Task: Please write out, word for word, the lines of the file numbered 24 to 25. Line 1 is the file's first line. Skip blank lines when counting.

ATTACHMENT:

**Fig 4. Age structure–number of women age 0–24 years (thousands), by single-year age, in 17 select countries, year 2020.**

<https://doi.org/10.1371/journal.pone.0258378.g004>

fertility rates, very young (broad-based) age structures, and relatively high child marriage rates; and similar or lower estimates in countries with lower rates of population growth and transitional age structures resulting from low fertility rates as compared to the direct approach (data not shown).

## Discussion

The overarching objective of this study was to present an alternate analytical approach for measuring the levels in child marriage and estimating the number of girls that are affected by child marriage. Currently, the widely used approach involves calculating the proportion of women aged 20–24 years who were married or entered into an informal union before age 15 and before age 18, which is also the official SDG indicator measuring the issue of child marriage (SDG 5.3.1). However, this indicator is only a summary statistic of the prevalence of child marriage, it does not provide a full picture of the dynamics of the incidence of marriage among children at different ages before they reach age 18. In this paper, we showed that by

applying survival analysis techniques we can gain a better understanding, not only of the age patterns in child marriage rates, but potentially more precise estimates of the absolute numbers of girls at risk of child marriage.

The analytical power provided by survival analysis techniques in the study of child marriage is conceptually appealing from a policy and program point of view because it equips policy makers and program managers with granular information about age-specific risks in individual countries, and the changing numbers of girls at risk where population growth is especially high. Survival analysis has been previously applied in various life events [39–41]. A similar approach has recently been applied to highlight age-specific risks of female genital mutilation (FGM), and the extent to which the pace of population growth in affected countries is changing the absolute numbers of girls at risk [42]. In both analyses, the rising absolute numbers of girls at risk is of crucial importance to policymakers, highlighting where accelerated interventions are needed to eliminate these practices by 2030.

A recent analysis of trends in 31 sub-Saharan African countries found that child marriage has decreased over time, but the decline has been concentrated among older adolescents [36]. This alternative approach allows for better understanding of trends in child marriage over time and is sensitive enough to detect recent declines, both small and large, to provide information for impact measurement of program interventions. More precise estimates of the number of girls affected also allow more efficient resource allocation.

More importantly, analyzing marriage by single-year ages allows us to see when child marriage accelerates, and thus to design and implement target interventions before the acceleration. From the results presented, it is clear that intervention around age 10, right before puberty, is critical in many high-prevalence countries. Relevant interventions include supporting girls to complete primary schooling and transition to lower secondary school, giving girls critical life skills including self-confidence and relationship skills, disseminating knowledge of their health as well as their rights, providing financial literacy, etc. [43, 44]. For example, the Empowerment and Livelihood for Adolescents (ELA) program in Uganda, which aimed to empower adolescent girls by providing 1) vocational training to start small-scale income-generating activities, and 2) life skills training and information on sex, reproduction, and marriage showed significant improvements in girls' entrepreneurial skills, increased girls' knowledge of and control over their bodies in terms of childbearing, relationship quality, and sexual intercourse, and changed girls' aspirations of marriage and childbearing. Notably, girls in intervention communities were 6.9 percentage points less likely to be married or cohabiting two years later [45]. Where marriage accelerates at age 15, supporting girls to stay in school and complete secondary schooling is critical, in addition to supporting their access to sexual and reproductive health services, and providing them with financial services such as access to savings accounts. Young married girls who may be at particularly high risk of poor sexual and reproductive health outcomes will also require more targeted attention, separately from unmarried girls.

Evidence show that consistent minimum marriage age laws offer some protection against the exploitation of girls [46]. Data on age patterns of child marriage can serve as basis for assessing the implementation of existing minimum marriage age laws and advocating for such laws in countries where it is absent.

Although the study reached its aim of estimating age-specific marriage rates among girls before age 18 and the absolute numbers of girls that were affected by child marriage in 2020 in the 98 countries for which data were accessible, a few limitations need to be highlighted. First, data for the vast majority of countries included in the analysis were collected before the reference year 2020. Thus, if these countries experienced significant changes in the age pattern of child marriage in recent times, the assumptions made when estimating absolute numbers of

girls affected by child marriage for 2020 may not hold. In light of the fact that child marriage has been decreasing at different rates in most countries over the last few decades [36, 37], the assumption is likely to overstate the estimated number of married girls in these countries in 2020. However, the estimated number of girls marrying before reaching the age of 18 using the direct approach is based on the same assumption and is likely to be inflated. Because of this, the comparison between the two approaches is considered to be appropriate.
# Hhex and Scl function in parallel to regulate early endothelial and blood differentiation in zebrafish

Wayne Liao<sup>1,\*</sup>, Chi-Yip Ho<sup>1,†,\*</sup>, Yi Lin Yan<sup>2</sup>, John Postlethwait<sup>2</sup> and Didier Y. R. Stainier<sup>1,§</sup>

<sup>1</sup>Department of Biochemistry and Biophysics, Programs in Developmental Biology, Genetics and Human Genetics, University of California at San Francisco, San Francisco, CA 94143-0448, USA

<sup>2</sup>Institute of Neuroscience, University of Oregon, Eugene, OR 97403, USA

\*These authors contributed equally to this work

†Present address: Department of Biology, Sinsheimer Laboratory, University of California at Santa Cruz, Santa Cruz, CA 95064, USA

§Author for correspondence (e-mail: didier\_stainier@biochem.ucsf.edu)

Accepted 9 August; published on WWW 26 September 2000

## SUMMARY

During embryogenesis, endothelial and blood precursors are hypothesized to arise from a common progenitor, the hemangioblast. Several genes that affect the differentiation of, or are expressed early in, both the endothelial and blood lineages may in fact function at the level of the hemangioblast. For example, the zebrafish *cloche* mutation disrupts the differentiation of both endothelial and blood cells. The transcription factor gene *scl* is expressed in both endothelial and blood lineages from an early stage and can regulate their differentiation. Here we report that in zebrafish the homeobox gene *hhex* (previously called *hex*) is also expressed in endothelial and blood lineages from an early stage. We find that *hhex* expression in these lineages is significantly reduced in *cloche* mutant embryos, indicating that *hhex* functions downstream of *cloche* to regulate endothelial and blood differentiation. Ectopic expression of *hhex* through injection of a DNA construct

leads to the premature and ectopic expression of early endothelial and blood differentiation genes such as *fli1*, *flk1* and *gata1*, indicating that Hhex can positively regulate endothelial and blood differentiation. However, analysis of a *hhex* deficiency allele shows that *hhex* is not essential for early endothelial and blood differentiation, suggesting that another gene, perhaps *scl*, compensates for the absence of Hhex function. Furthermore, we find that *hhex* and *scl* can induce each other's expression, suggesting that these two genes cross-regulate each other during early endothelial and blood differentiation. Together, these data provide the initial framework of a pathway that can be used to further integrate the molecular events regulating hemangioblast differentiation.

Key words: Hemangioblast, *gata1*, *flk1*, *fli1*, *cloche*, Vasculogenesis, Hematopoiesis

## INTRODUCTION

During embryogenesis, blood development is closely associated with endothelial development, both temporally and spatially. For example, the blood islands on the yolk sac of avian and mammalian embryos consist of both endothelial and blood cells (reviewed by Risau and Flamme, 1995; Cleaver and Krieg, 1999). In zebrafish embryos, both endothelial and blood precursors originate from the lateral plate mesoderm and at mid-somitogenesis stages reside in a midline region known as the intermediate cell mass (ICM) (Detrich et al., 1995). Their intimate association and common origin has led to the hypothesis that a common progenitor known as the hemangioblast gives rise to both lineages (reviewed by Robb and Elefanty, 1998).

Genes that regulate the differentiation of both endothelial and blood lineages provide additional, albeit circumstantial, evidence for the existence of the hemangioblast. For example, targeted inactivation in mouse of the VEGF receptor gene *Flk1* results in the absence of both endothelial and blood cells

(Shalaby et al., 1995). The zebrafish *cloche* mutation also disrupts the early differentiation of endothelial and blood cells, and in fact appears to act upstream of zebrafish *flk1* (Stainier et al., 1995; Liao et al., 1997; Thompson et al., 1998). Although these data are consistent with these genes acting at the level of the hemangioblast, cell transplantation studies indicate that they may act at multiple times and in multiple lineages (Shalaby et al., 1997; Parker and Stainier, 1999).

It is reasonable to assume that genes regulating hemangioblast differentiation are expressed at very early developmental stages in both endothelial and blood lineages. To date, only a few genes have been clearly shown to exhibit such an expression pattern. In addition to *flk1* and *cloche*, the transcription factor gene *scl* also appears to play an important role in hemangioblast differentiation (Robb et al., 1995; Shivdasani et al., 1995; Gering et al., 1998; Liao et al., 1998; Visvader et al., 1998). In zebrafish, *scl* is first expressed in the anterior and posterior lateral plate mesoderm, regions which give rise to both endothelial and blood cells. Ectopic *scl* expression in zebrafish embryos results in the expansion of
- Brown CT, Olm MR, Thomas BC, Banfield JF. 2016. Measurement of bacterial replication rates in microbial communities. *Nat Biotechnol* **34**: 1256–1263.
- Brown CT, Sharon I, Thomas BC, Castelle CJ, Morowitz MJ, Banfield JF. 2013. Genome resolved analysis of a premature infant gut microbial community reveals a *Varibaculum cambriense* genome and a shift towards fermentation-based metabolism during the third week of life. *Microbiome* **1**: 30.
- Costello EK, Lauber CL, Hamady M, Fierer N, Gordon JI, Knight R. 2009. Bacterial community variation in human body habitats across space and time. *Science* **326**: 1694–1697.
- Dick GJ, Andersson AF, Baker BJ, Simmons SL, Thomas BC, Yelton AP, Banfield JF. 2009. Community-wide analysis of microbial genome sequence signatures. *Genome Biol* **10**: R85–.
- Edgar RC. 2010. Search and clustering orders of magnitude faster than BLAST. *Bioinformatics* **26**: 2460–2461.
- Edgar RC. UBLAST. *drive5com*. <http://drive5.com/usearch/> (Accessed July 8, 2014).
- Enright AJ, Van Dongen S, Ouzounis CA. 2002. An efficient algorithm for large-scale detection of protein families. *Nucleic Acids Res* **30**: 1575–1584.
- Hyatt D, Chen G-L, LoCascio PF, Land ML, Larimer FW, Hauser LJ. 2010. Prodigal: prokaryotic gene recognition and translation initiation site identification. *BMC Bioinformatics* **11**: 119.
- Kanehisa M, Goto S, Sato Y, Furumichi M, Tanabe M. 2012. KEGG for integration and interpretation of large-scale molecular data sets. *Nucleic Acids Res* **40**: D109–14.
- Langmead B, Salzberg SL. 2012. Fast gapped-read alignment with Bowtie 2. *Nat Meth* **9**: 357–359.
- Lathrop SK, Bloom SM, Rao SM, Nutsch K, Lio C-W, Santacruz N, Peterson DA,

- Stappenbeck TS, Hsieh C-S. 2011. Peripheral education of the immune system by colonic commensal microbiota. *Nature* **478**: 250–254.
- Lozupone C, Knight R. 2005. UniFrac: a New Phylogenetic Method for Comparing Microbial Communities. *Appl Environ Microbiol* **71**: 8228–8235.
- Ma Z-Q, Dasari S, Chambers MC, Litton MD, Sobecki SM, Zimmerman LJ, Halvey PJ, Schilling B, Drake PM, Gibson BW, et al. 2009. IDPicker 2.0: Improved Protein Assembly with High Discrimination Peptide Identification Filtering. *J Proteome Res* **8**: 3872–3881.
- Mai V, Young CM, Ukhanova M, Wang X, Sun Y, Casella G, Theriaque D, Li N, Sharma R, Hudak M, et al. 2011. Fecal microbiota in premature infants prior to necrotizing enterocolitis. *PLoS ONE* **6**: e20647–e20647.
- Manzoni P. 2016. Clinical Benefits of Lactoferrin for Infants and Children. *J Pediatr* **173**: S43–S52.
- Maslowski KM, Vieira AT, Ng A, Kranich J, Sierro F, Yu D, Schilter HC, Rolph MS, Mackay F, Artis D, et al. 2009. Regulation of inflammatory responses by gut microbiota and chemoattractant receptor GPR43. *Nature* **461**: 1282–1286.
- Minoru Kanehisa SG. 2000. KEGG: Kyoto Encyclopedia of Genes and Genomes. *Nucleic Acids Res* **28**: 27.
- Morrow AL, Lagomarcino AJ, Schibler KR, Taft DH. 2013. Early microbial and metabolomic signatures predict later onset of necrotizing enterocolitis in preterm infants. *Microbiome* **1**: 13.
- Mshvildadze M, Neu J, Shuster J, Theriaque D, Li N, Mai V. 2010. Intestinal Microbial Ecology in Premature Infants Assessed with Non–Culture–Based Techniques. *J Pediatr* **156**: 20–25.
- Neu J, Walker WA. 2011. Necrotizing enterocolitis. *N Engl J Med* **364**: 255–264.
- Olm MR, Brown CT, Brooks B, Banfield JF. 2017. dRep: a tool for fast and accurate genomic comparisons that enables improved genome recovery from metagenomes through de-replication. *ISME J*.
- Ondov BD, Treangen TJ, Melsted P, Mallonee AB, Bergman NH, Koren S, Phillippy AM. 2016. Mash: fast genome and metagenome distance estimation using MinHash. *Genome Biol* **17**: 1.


Key words: Hemangioblast, *gata1*, *flk1*, *fli1*, *cloche*, Vasculogenesis, Hematopoiesis

## INTRODUCTION